After he retired in 1996, he spent five years abroad. In 2001, he moved to Khartoum when the Sudanese government offered him a job as a sports minister, only to rescind the offer when he refused to convert to Islam.
"They were using me," said Bol. "Trying to make me be a Muslim and go against my own people and I refused to do that."
He eventually left for Egypt, where he ran a basketball school in Cairo. There he tutored fellow Dinka and Sudan refugee Luol Deng, who was recently signed by the Chicago Bulls. But in the aftermath of 9/11, Bol had visa problems returning to the United States. The terrorist attacks left him stunned. "I didn't eat for three days." he said.
Bol says he warned Congress in 1993 or '94 about Osama bin Laden, who operated out of Sudan from 1990-96.
"We talked to Congress, but nobody listened to us," said Bol. "We told these people about terrorists taught by bin Laden. We met 58 congressmen. We talked to the Pentagon, and said, `Support us.' But Clinton was a lover, not a fighter."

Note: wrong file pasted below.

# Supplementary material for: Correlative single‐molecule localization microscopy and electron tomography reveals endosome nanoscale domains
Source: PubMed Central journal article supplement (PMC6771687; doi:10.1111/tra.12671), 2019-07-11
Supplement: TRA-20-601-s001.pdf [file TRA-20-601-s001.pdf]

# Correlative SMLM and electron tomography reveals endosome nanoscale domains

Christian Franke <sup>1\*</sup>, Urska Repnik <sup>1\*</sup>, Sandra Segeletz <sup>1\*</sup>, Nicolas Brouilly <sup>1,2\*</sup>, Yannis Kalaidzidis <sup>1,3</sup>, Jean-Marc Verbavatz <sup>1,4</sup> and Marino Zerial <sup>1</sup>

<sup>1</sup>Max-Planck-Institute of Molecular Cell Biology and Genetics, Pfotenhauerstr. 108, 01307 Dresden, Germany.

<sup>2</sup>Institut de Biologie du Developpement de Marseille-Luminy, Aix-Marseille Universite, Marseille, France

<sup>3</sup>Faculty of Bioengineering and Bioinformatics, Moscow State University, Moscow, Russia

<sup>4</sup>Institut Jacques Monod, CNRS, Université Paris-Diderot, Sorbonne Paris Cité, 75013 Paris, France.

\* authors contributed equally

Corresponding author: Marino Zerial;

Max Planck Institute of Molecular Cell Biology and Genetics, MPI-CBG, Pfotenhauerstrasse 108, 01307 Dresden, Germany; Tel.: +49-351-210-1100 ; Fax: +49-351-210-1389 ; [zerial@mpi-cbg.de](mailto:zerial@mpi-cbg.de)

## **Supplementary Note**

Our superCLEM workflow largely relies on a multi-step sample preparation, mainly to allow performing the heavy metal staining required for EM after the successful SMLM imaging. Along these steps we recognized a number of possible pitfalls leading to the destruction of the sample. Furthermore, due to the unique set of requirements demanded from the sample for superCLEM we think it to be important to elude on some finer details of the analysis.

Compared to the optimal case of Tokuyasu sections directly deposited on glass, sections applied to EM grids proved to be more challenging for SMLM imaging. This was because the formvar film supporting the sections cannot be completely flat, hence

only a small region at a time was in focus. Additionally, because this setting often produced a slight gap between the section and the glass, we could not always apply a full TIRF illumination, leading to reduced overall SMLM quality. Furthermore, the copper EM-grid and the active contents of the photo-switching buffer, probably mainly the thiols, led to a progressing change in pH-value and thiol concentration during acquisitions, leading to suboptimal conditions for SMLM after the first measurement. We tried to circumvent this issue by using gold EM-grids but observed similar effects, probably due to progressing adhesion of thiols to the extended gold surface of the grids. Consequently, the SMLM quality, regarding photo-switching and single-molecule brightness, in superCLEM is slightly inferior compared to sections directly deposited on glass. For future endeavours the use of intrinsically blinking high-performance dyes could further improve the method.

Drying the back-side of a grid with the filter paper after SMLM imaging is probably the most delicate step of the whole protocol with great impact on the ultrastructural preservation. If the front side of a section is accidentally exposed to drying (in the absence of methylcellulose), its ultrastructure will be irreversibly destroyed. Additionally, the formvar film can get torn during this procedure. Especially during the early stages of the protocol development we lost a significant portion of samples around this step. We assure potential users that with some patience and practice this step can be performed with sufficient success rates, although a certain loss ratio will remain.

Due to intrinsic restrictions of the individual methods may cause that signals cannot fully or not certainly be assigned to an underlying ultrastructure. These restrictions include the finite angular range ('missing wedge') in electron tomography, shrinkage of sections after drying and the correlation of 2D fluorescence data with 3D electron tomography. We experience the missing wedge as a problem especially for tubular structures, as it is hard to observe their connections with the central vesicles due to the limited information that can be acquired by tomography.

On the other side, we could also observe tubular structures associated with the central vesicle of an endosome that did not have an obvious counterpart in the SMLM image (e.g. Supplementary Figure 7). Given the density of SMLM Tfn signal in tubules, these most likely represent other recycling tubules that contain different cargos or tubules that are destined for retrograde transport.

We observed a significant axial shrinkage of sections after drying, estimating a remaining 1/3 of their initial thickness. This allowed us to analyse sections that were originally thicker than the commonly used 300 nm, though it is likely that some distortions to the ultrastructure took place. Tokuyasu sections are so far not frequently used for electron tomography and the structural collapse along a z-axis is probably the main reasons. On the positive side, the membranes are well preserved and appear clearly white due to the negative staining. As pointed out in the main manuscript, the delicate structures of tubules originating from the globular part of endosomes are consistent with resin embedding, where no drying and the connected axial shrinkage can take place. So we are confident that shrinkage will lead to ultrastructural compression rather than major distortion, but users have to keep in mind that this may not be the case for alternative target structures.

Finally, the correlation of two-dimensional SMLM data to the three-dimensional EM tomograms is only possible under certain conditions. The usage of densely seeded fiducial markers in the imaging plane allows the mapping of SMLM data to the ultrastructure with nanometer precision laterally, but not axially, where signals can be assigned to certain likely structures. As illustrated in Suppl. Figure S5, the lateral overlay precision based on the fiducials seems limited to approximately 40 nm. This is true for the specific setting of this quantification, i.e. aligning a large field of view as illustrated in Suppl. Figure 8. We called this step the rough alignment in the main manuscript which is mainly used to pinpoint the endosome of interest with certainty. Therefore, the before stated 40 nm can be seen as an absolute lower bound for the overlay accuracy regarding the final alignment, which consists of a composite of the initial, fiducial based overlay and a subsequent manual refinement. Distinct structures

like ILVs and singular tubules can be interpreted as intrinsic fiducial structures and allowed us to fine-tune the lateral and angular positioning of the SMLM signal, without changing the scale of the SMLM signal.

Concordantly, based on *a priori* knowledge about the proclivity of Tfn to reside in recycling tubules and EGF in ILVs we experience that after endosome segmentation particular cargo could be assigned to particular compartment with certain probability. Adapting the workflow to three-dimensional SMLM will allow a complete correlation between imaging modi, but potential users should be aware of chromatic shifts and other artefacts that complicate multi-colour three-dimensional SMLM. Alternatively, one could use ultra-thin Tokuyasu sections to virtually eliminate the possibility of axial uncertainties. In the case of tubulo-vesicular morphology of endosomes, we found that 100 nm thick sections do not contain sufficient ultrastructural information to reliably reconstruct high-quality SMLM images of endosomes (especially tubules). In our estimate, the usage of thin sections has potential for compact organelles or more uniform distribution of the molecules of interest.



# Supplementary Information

Bol finally was able to return to the US in 2002. He fought -- and beat -- William "Refrigerator" Perry in a pay-per-view boxing match and donated his $30,000 purse to his Ring True Foundation, which raises money for children in Southern Sudan. He signed with and suited up for the Indianapolis Ice minor league hockey team, though he did not play. He also became the world's tallest jockey in October 2003, again for charity.
The fateful ride